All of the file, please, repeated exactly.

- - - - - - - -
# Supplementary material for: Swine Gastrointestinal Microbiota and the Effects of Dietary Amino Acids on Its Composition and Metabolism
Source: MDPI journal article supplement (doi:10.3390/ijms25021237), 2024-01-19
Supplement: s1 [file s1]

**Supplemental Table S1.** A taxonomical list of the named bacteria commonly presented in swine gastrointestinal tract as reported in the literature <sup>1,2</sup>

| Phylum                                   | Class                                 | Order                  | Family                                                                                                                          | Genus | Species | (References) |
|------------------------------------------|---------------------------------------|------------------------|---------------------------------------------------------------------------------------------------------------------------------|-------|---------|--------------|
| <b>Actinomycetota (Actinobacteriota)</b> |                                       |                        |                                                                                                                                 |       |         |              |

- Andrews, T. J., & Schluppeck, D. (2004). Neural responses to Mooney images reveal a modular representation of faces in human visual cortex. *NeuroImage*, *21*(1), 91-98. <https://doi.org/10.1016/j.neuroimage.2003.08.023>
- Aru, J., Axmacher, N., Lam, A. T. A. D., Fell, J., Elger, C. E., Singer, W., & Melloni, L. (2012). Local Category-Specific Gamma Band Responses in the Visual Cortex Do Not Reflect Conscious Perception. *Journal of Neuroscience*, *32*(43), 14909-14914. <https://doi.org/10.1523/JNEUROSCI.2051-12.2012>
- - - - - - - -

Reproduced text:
# Supplementary material for: Swine Gastrointestinal Microbiota and the Effects of Dietary Amino Acids on Its Composition and Metabolism
Source: MDPI journal article supplement (doi:10.3390/ijms25021237), 2024-01-19
Supplement: s1 [file s1]

**Supplemental Table S1.** A taxonomical list of the named bacteria commonly presented in swine gastrointestinal tract as reported in the literature <sup>1,2</sup>

| Phylum                                   | Class                                 | Order                  | Family                                                                                                                          | Genus | Species | (References) |
|------------------------------------------|---------------------------------------|------------------------|---------------------------------------------------------------------------------------------------------------------------------|-------|---------|--------------|
| <b>Actinomycetota (Actinobacteriota)</b> |                                       |                        |                                                                                                                                 |       |         |              |

- Andrews, T. J., & Schluppeck, D. (2004). Neural responses to Mooney images reveal a modular representation of faces in human visual cortex. *NeuroImage*, *21*(1), 91-98. <https://doi.org/10.1016/j.neuroimage.2003.08.023>
- Aru, J., Axmacher, N., Lam, A. T. A. D., Fell, J., Elger, C. E., Singer, W., & Melloni, L. (2012). Local Category-Specific Gamma Band Responses in the Visual Cortex Do Not Reflect Conscious Perception. *Journal of Neuroscience*, *32*(43), 14909-14914. <https://doi.org/10.1523/JNEUROSCI.2051-12.2012>